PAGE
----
Limited Metro-North, Amtrak service to begin Tues. afternoon
BRIDGEPORT, CT (WFSB) -
The state department of transportation announced Tuesday afternoon that limited Metro-North and Amtrak service began Tuesday afternoon between New York and New Haven.
"This is a significant step toward the resumption of full service, and quite remarkable given that the derailment occurred barely 96 hours ago," Connecticut DOT Commissioner James P. Redeker said. "Metro-North and Amtrak are important components in keeping the regional economy moving forward and I want to commend Metro-North for its round-the-clock efforts toward getting service back on line."
The repairs were expected to take at least a week, but Metro-North said crews worked around the clock to make it happen sooner.
Officials said one of the two damaged tracks has been repaired, and the first Metro-North train departed Grand Central Terminal at 3:07 p.m. The train will operate about half of the regular, eastbound PM peak service and regularly hourly westbound service starting with the 4:23 p.m. train out of New Haven.
DOT officials said Metro-North will continue to operate on a regular schedule between Grand Central and South Norwalk in both directions.
Metro-North will reinstate its regular weekday service to and from New Haven starting Wednesday morning.
Limited service is running through Tuesday evening because there is still only one track through this section where the crash happened.
Metro-North service was suspended following a major train derailment and collision that left more than 70 people injured on the Bridgeport/Fairfield town line.
"When the crash came I was thrown up almost to the ceiling," said Paul Jordan, who now suffers from a broken back.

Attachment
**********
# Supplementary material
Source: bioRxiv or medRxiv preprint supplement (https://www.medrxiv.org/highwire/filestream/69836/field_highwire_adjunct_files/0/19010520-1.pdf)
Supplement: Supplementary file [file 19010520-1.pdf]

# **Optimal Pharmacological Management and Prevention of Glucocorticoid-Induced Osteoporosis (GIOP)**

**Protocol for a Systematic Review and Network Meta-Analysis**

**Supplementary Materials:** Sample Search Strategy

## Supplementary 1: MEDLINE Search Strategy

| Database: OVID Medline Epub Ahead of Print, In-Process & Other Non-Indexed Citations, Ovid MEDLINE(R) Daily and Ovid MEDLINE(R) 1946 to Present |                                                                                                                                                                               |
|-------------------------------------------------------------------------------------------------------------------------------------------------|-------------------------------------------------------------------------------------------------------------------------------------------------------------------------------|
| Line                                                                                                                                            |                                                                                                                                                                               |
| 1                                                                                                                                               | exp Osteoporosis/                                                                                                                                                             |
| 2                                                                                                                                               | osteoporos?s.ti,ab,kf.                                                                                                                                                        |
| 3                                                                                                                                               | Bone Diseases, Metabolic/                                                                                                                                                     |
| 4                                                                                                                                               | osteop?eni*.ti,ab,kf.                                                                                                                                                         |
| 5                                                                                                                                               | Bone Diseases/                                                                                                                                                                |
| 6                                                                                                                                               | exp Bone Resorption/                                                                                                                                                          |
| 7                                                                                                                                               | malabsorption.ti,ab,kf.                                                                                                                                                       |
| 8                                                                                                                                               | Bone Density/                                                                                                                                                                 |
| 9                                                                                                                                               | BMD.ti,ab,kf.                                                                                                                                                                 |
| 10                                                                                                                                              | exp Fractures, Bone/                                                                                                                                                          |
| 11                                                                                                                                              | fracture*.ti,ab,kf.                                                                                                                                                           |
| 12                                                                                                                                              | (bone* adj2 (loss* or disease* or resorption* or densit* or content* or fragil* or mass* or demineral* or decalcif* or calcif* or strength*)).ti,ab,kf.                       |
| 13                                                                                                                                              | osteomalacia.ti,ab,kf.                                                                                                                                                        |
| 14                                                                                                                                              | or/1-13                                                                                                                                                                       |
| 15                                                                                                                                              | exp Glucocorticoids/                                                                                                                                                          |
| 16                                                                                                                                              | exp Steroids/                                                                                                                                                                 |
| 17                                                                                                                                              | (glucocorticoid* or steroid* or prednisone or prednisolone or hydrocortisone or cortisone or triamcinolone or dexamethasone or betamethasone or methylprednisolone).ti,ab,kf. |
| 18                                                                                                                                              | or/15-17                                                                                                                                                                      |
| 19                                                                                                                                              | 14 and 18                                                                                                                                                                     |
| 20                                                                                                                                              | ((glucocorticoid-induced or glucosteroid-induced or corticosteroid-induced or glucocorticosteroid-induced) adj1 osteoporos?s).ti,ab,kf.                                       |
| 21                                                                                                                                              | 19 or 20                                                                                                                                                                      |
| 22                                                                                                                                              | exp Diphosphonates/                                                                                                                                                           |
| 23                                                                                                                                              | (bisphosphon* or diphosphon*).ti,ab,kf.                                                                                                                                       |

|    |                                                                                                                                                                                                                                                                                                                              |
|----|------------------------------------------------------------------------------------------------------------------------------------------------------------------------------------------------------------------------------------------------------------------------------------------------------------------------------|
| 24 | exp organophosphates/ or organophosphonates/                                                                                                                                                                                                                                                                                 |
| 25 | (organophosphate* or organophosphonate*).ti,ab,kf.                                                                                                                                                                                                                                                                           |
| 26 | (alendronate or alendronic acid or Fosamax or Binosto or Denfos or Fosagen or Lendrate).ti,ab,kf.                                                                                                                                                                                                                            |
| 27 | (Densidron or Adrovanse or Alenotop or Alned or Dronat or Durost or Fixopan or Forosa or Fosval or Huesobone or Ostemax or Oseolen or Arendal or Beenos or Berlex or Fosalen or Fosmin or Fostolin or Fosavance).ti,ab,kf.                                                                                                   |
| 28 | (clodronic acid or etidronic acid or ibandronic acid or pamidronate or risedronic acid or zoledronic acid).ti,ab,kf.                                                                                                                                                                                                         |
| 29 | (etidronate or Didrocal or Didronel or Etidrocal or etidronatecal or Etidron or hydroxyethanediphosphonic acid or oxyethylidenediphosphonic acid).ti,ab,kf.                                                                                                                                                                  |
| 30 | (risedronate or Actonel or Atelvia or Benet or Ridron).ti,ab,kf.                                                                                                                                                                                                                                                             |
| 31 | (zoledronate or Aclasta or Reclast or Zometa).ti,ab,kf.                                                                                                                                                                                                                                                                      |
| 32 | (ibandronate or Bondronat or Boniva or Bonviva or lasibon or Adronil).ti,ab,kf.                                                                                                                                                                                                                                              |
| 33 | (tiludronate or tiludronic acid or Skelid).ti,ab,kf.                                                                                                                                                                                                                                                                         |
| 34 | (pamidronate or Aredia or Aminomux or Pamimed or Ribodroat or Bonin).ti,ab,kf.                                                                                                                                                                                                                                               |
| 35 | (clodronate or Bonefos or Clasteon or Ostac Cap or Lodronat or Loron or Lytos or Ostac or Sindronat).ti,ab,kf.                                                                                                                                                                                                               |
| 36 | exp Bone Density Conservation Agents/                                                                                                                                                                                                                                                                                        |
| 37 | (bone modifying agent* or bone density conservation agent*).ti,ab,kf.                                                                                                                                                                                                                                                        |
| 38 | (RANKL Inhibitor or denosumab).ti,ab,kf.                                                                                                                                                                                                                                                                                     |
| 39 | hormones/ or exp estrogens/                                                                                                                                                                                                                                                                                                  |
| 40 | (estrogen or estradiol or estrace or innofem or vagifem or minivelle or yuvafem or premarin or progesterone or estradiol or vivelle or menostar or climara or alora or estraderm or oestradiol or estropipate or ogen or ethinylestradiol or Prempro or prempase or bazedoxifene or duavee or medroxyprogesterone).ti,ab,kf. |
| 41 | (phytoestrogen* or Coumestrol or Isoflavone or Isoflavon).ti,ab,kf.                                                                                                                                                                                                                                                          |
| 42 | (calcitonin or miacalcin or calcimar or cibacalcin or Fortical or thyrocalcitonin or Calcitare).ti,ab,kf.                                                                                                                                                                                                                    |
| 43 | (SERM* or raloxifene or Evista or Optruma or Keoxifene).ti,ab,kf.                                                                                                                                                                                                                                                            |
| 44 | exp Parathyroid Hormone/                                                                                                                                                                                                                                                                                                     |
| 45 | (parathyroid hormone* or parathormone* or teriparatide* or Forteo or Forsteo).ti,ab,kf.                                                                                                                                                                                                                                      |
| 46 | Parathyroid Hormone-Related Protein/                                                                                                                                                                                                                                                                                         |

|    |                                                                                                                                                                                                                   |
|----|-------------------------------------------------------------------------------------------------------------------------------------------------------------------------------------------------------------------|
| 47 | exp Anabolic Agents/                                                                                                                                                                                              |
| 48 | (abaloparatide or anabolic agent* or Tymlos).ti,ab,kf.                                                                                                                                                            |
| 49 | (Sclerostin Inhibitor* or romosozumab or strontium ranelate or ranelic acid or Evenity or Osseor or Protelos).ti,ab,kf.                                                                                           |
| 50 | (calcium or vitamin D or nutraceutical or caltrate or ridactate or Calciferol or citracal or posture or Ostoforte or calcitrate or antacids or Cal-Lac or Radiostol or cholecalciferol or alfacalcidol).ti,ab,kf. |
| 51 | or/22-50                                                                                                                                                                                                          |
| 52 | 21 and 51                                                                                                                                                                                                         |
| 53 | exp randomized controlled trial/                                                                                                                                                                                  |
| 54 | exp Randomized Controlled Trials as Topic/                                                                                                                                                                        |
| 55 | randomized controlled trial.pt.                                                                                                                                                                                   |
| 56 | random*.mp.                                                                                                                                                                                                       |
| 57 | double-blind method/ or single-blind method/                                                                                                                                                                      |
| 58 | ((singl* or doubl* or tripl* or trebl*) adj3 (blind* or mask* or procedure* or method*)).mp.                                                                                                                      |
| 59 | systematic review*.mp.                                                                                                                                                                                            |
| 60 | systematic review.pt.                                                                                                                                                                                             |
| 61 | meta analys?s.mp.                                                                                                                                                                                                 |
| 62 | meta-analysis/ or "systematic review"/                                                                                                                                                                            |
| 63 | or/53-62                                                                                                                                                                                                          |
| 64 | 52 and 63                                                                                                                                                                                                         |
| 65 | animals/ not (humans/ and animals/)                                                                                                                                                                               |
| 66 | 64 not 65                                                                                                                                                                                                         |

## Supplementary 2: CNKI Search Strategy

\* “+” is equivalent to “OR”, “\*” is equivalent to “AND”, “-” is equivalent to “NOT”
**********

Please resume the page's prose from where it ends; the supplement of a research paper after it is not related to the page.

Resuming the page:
He told Eyewitness News that he remembers the sounds of metal on metal.
"It's all metal very disconcerting and the crash a gigantic collision," Jordan said.
Federal investigators said they are looking at a section of broken rail that may have caused the derailment.
An union official for the train workers says the engineer on the train that derailed swears he saw some sort of split in the rail right before derailing. But also points out the train was going 70 mph.
At this point, sources told Eyewitness News it does not appear to be human error. The final report could take months or longer.
One personal injury attorney says he already has four clients prepared to sue metropolitan transit authority. Overall, commuters told Eyewitness News they seem satisfied with how the company handled the crisis.
Fairfield, which has three train stations, hasn't had rail service for days.
"I believe commuters were entrenched in the fact this could be a week or a month and it's only been a few days," said Fairfield Police Chief Gary MacNamara.
For the latest on the commuter service plan in effect starting Monday, click here.
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